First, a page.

Delicious, easy, fuss-free roast whole chicken recipe that you can make on a weeknight. And no, you don’t need a cast-iron pan. Any oven-safe pan or baking pan will do.
The goal of every roast chicken recipe is to produce a bird that is crispy outside, perfectly cooked inside, and has succulent breast meat. Every cookbook author claims they know the secret to roasting a chicken that protects the breast meat from drying out into something resembling the texture of an old shoe. Some claim that the only way to accomplish this is by brining the chicken in salt water. A radical-minded cook insisted that the only correct way to roast a chicken was to roast it breast-side down. Still others claim that the only way to get juicy breast meat is to truss the bird and roast it in one of those triangular roasting racks, turning it every 20 minutes so the juices don’t flow out. Laurie Colwin, one of my favourite food writers, said in her book, More Home Cooking, that her secret to a perfect roast chicken — which is a bird that is moist and juicy, crisp and tender, all at the same time, is to slow-roast the chicken at between 200° F and 300° F for two and a half to three hours, basting the bird with its own juices every ten minutes or so. Still other cooks claim that the bird must be roasted fast in a super-hot oven.
I have tried every one of these methods out – brined, basted, upside down, trussed and turned, high heat, low heat, free-range, cooped up – and every one of them turns out a good roast bird. There is really only one secret to making good roast chicken, and that is to not overcook the chicken. There really is no need to go into extremes. So, my focus has been to find a recipe that is quick and simple enough for me to make after a full day of work and an hour-long commute home. The recipe I finally settled on was one I simplified from Cook’s Illustrated’s already simplified recipe.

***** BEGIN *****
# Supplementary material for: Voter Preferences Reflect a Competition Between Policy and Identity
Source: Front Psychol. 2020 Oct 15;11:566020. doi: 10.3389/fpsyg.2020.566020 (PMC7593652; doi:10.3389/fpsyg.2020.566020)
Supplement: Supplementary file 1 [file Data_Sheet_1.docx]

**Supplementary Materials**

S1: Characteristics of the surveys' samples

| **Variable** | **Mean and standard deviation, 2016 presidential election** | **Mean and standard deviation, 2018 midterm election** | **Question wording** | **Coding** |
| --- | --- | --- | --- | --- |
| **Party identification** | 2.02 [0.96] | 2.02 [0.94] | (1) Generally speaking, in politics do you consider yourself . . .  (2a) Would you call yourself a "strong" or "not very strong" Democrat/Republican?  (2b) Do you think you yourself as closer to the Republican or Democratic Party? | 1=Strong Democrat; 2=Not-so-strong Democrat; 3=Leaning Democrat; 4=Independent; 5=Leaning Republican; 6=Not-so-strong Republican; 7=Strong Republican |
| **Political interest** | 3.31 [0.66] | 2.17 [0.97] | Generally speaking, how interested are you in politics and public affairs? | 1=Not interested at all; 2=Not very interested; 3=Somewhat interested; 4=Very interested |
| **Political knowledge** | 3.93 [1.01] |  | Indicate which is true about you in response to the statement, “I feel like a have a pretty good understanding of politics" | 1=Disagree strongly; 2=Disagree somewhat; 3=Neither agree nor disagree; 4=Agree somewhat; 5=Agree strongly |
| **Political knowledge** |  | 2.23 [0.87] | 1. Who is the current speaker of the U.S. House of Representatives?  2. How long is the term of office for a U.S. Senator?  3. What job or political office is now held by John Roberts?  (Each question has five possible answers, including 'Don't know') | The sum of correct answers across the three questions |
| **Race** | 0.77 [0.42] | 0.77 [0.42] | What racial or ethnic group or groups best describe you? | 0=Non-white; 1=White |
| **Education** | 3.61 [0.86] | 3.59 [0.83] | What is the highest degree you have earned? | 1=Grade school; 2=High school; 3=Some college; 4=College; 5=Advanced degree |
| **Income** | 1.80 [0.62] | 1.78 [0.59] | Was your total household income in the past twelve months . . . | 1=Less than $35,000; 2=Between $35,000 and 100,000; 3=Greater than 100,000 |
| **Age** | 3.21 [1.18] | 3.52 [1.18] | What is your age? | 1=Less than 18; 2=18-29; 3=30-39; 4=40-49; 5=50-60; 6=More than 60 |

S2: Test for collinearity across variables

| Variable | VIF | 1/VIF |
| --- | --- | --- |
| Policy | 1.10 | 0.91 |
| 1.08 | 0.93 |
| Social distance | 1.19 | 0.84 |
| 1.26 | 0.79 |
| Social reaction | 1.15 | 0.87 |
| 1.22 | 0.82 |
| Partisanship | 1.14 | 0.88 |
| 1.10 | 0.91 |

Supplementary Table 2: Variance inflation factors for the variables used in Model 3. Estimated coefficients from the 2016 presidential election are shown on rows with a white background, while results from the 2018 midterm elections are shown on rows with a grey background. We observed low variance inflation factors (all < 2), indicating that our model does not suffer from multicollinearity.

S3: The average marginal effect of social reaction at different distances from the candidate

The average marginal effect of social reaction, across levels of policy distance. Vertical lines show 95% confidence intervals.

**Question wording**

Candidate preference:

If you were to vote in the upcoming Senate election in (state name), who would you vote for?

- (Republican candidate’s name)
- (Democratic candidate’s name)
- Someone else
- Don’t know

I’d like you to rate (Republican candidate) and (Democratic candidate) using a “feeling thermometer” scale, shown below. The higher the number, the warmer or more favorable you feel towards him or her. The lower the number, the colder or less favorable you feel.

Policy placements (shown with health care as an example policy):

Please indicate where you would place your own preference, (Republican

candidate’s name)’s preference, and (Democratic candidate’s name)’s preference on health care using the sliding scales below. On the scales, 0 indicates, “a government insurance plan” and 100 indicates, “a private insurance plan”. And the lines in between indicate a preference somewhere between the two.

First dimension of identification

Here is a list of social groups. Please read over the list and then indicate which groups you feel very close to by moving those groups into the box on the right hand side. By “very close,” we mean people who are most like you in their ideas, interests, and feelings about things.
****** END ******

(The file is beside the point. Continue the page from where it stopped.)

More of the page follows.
And I have a simple – and completely optional – trick to make the skin extra-crispy. It does not take any extra work, but it does require you to know 8-10 hours before dinner time that you intend to roast a chicken for dinner. It’s as easy as taking the chicken out of its wrapping, patting it dry and setting it on a cooling rack (or just plopping the chicken right onto a plate) and leaving the chicken uncovered in the fridge as you go about your day. The skin will dry up quite a bit over the course of the day so when you roast the bird in the evening, the skin will crisp up fantastically.
The seasoning can be as simple as salt and pepper. You can add more seasonings if you choose. I often add some smoked paprika, thyme leaves, and garlic powder.
- whole chicken, 3- 4.5 lbs
- 1 tablespoon olive oil
- salt, to taste
- pepper, to taste
- 1 teaspoon paprika (optional)
- 1 teaspoon garlic powder (optional)
- 4-5 sprigs thyme leaves
- half a lemon
- Pre-heat the oven to 450F.
- While the oven is heating up, remove the chicken from its wrappings. Remove giblets from the cavity if there are any. Pat the chicken dry. Rub olive oil all over the chicken and sprinkle salt and pepper (and paprika, garlic powder and thyme leaves, if using) all over the surface of the bird. Place into an oven-safe pan and slide into the pre-heated oven. Roast for 25 minutes. Very carefully, baste the chicken with the juices and oil that poo in the pan (optional, but recommended). Roast for another 10 minutes.
- Remove the bird from the oven. Insert an instant-read thermometer into the thick part of a thigh being careful to avoid touching the bone. If the temperature is under 165 F, roast for a 5 more minutes and check again. If the chicken is 165 F and rest it uncovered for 10 minutes before carving. Squeeze a bit of lemon juice over the chicken before serving.
If you don't have an instant-read thermometer, slice into the skin between the breast and the thigh and pull the thigh out a little. If the juices run clear and there is only very almost no pink at the joint, the chicken is ready.